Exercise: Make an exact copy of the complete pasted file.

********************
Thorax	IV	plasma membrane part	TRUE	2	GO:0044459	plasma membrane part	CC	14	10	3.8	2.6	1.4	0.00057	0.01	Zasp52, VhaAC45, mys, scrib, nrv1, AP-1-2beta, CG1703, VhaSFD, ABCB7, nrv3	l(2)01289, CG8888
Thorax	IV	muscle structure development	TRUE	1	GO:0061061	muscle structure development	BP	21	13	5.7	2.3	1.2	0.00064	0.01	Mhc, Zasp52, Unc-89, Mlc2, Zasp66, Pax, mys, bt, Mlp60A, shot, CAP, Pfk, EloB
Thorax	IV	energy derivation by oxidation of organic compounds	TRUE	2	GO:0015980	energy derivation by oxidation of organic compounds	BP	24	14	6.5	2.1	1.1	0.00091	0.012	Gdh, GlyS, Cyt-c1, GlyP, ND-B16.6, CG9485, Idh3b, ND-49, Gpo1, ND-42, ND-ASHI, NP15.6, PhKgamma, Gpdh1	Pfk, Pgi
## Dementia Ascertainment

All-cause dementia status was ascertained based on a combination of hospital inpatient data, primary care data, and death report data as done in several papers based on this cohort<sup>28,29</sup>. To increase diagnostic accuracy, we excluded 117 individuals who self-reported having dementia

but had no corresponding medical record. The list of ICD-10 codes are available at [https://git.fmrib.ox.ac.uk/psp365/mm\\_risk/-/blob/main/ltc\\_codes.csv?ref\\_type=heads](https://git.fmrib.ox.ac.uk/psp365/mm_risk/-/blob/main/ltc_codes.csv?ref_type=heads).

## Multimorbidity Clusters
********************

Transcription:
Thorax	IV	plasma membrane part	TRUE	2	GO:0044459	plasma membrane part	CC	14	10	3.8	2.6	1.4	0.00057	0.01	Zasp52, VhaAC45, mys, scrib, nrv1, AP-1-2beta, CG1703, VhaSFD, ABCB7, nrv3	l(2)01289, CG8888
Thorax	IV	muscle structure development	TRUE	1	GO:0061061	muscle structure development	BP	21	13	5.7	2.3	1.2	0.00064	0.01	Mhc, Zasp52, Unc-89, Mlc2, Zasp66, Pax, mys, bt, Mlp60A, shot, CAP, Pfk, EloB
Thorax	IV	energy derivation by oxidation of organic compounds	TRUE	2	GO:0015980	energy derivation by oxidation of organic compounds	BP	24	14	6.5	2.1	1.1	0.00091	0.012	Gdh, GlyS, Cyt-c1, GlyP, ND-B16.6, CG9485, Idh3b, ND-49, Gpo1, ND-42, ND-ASHI, NP15.6, PhKgamma, Gpdh1	Pfk, Pgi
## Dementia Ascertainment

All-cause dementia status was ascertained based on a combination of hospital inpatient data, primary care data, and death report data as done in several papers based on this cohort<sup>28,29</sup>. To increase diagnostic accuracy, we excluded 117 individuals who self-reported having dementia

but had no corresponding medical record. The list of ICD-10 codes are available at [https://git.fmrib.ox.ac.uk/psp365/mm\\_risk/-/blob/main/ltc\\_codes.csv?ref\\_type=heads](https://git.fmrib.ox.ac.uk/psp365/mm_risk/-/blob/main/ltc_codes.csv?ref_type=heads).

## Multimorbidity Clusters